Saturday, July 12, 2008

The End of JRL

I've got a confession to make. For months now I've been wrestling with a big change in my life and and what it means for JRL. No, I'm not dying and we're not having a baby. On a metaphorical level I've run into sandwich board signs with "the end is near" written on them. On a practical level I can't keep doing everything I've been doing. And JRL has started to feel cramped.

Since 2004 JRL has been a big part of my life and identity. I even have nice business cards and look professional.

I've started a lot of bands and gone by a lot of names since I started writing music in the late 80s. JRL is the closest I've ever come to using my own name. Even though it isn't the name I was born with.

Closure is important. Part of me wants to keep every band I ever started as a possibility in my head, but life gets cluttered when you don't let go. You've got to let go of a million possibilities so that a few of them can become actualities. Getting married was hard because it meant narrowing infinite possibilities to one. The result of that narrowing has been a deepening and growth that I could never achieve while keeping my options open.

To put it another way, I've got commitment issues. Where I've overcome them amazing things happen. Where I don't, I'm always starting over.

So is this the end of JRL? If so why?

Not quite. I've got one more record to finish. I think it may end up being my favorite JRL record. I'm also dreaming about doing a "final concert" and trying to get a bunch of the great players together who have been part of JRL over the years. I'm not sure if this will happen or not. If you like the idea let me know.

And after that?

I'll quit booking JRL shows and stop promoting JRL.

I'll write songs, all kinds of songs, without giving a lot of thought to where they will fit or who will listen to them. Some people who have been listening will keep listening. Others won't. New people may tune in. Musicians may discover the songs and want to cover them. I am moving into a season of creativity and freedom.

It's sad though, to be moving on. The songs may be reborn, but JRL is drawing to a close. I think this song, which I wrote recently remembering my high school years (where in many ways music and love began), fits where I am as I contemplate the end of JRL... I hope you like it and can feel a little of what I feel, perhaps thinking about that time of your life and/or an ending or beginning that means something to you right now.

They Can't Tell You
City Song: Kidron (Millsbg) OH, high school
Copyright 5-7-08 Jonathan Reuel

Those days when music ignited
Every cell and muscle
Those nights when truth was a puzzle
Not everybody wrestled

They can't tell you how to find yourself
They can't force you into inspiration
They can't give you anybody else besides
Besides who you wrestle to believe in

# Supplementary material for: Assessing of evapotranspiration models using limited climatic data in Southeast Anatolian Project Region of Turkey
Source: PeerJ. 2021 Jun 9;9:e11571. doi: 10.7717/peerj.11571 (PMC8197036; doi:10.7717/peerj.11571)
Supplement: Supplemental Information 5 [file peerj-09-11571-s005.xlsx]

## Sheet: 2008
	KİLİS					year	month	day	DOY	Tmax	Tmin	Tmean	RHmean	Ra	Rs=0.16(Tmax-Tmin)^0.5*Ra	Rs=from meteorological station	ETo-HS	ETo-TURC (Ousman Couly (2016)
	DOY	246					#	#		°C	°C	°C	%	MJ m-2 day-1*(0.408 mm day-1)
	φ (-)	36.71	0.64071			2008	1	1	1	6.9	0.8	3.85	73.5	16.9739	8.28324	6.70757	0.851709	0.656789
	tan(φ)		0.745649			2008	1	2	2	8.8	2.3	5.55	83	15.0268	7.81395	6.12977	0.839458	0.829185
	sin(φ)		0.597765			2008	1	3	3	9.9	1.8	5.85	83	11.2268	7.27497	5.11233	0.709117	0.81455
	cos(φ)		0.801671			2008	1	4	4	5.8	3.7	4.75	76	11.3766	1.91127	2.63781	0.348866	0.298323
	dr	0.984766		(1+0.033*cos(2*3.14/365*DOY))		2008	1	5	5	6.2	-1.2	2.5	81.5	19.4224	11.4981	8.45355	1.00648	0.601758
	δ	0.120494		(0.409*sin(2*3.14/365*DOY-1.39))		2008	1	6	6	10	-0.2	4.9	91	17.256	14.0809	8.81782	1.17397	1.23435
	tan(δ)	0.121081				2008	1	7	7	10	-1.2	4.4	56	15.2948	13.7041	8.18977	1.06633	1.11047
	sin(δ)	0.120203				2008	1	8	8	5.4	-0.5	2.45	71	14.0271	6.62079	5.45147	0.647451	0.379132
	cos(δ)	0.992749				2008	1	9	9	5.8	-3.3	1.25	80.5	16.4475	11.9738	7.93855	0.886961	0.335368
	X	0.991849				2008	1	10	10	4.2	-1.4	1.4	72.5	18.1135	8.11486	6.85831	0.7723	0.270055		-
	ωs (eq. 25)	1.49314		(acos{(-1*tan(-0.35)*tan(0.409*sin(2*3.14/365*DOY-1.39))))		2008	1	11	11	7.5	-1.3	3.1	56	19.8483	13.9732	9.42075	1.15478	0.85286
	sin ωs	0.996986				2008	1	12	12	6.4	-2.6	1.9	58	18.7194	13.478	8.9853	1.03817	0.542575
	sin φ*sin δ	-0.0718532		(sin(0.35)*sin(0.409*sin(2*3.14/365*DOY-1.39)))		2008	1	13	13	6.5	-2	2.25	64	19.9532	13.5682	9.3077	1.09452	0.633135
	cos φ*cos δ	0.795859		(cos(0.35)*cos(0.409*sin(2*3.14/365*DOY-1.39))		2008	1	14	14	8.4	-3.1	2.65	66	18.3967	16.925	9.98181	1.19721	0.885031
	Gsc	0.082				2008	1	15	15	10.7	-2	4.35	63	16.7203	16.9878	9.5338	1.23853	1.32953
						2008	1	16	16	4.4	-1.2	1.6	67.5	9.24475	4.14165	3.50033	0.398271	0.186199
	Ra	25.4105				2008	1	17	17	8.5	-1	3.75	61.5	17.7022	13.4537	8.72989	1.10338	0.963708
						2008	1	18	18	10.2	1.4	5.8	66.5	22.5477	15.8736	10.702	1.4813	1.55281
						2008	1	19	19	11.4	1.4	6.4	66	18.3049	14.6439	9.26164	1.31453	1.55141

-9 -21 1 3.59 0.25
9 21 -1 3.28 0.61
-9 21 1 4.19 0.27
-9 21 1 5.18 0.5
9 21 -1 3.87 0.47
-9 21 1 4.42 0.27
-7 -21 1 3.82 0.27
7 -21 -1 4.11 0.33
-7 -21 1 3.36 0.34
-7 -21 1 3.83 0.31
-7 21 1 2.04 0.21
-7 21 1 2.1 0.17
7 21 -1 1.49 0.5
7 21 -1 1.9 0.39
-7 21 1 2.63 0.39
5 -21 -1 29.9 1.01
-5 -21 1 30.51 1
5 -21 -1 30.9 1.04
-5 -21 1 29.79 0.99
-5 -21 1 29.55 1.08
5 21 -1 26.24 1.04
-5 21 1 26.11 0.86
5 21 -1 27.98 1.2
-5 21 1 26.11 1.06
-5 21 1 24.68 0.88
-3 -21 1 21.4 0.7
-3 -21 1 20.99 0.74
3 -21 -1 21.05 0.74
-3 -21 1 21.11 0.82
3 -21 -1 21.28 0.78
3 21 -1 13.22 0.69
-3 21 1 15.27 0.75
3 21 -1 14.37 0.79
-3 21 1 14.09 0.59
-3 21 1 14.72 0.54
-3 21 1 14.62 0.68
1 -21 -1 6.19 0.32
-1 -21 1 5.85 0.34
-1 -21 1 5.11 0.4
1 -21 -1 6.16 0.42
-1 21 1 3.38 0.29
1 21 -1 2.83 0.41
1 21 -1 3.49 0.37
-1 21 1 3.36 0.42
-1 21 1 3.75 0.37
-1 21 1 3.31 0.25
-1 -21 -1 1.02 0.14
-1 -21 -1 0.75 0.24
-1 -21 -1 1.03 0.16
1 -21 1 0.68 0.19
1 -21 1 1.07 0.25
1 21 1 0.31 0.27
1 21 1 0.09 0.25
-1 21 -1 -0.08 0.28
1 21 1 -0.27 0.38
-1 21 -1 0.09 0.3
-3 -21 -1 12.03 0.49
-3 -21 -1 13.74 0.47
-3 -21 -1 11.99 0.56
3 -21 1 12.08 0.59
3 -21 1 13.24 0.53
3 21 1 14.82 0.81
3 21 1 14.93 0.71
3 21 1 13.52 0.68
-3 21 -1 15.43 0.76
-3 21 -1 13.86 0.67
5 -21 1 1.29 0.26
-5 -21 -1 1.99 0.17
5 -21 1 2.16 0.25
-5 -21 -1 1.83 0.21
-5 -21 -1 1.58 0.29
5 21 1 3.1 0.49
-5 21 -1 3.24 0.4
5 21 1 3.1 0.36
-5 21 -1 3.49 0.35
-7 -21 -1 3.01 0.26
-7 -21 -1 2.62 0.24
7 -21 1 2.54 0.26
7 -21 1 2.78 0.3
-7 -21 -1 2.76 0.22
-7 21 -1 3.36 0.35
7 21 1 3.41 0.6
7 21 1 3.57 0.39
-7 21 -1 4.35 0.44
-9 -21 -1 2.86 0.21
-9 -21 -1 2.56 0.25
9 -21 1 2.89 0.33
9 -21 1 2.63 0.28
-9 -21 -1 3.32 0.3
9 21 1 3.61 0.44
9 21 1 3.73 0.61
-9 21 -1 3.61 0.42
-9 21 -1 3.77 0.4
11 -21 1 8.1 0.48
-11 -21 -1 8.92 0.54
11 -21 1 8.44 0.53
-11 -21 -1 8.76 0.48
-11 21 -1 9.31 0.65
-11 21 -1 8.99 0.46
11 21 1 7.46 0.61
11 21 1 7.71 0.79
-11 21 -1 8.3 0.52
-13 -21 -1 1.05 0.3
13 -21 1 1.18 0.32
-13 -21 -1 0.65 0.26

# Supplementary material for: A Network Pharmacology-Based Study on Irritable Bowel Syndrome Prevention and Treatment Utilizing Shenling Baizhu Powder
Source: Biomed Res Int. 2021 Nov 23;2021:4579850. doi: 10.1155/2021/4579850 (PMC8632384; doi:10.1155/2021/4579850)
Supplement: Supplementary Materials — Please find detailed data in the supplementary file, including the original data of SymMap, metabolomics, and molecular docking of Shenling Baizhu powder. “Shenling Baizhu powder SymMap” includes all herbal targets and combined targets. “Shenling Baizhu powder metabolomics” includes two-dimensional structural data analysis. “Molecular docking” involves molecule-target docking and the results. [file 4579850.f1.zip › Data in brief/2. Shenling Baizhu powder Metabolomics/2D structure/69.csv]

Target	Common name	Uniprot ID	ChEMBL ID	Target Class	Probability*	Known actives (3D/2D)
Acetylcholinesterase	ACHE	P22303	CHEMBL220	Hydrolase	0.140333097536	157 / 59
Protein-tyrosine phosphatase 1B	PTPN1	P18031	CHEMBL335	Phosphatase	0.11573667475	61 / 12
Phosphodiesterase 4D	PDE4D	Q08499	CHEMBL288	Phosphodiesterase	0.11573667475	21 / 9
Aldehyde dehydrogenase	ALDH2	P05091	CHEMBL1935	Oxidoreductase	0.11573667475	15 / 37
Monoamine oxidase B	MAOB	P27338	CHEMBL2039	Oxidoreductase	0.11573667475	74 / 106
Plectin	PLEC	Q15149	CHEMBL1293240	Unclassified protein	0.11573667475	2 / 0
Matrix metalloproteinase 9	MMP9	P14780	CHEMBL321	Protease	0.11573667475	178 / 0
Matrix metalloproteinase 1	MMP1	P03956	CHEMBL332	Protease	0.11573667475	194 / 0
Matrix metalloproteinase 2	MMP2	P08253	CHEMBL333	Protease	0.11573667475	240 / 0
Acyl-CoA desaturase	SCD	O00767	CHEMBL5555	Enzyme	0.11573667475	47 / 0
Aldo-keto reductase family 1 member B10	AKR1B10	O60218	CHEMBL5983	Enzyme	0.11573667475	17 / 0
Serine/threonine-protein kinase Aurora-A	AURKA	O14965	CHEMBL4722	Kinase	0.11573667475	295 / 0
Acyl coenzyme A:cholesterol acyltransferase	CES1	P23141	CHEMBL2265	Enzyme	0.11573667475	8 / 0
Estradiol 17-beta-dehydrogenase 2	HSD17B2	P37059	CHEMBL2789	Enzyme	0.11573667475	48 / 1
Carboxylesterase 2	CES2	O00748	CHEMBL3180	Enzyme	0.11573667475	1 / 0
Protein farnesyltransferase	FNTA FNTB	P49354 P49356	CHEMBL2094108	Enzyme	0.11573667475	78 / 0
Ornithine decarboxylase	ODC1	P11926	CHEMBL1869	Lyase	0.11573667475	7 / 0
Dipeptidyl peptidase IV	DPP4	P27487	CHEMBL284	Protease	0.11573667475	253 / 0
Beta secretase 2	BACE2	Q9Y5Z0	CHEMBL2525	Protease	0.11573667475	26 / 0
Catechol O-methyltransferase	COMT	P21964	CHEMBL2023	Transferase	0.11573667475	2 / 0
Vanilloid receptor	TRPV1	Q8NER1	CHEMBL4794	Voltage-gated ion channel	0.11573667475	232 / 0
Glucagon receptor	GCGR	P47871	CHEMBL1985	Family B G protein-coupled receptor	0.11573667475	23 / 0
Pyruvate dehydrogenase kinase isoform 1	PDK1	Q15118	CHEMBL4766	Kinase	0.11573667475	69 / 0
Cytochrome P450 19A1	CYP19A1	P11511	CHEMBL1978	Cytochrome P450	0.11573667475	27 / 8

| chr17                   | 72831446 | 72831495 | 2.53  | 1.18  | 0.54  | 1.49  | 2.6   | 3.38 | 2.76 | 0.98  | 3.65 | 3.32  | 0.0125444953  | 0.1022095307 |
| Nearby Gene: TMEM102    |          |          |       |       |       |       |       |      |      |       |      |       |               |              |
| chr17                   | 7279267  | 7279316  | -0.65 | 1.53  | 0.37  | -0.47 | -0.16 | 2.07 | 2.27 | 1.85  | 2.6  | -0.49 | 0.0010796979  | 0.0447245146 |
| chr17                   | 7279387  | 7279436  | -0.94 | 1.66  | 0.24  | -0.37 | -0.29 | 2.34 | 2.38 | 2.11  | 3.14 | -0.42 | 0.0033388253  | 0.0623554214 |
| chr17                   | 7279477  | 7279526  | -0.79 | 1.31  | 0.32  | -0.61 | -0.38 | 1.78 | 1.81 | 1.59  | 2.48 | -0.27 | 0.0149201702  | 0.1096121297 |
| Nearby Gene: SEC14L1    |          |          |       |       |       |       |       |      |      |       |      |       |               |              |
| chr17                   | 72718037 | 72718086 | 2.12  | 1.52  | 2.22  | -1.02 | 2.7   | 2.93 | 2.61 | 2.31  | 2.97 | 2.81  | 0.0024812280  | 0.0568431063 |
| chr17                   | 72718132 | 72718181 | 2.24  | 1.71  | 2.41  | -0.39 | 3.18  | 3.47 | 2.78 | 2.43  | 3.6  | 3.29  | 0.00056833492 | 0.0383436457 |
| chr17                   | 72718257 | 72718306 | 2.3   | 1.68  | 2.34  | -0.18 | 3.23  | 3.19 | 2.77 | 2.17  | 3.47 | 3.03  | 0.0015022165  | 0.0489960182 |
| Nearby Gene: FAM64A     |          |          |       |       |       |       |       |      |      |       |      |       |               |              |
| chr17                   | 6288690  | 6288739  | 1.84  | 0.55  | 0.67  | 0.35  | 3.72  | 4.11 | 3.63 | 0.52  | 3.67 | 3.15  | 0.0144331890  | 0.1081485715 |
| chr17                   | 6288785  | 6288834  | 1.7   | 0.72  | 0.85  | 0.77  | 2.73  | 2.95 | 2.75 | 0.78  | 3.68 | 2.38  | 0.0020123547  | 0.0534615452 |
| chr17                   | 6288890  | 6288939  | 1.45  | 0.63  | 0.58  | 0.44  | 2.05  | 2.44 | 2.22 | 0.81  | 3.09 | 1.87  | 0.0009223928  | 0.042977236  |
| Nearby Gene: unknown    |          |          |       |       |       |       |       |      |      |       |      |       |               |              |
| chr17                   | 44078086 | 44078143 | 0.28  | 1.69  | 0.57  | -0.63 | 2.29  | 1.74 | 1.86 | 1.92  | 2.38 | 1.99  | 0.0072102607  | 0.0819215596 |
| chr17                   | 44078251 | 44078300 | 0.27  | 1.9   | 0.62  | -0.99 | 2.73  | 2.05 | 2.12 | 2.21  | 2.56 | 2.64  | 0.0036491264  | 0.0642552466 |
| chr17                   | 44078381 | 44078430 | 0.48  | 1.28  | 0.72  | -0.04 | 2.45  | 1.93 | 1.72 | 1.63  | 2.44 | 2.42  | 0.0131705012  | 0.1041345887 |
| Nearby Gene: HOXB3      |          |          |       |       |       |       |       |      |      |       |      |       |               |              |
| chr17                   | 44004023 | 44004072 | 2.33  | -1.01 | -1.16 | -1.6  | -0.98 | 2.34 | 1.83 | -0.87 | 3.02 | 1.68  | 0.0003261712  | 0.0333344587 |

Those hours under glaring lights
In the van holding hands in silence
That moment when I realized
I was still an island

Those days when I first hear God
Like the prophets promised
I never suspected what I didn't know but
Everybody's like that because

Those days when I turned away and set out on this journey
But I am who I am today because of what they gave me

(Audio for this song will be posted soon.)


gabriel said...

Sorry I haven't posted before.... been crazy around here. And, I wasn't sure what to say. On the one hand, I think it's really cool that you're following God, making the tough decisions, and moving on. I also thing the CSM system is interesting.

...on the other hand, I'm selfishly sad about the announcement. The CSM system requires more commitment than I'm used to giving to an artist. I've always been comfortably anonymous in my music buying habits. When I've got some money for music -- I love going to buy an album and thinking, "Hmmm... what to I want to buy today?"

But I don't want to miss out on your music -- 'cos I really dig your art (like the song you just posted... of which I can't wait to hear the audio, the lyrics are powerful). I just wish I could buy the downloads on-demand (be it Amazon or bandfarm or dandelionseedco or your own website).

So.... I don't know what to think or how to feel... but I've been thinking about it a lot. I'm glad you've got clarity, though... and that you get to move into a new chapter. :-)

Bryan Moyer Suderman said...

Thanks for posting this, Jonathan, and for continuing to blaze a trail of honesty and art and community and receptiveness to God's leading. Wherever the post-JRL trail leads, you can bet a whole bunch of us will be listening.

In response to Gabriel's comment, it may be worth pointing out that the CSM (Community Supported Music) approach doesn't necessarily mean an "either-or," where now you won't have studio recordings available for purchase (on CD, or download, or whatever). My experience is that it works well to have a CSM - for those who want to participate that way - and continue to produce studio albums that are available as well (for that "comfortably anonymous" music-buying habit that I enjoy too...). This is good, it seems to me, for the artist (each new "CSM membership" can also lead to a new studio album sale, and vice-versa), as well as for members of the "listening public" that can choose how - and to what it extent - they (we) would like to relate directly to (and financially support) a particular artist's creative process.

Jonathan Reuel Live said...

It's been good to get these responses -- I got to talk to Gabriel in person and am looking forward to my next connection with Bryan. Others have been responding to the "end of JRL" in other ways, mostly encouraging.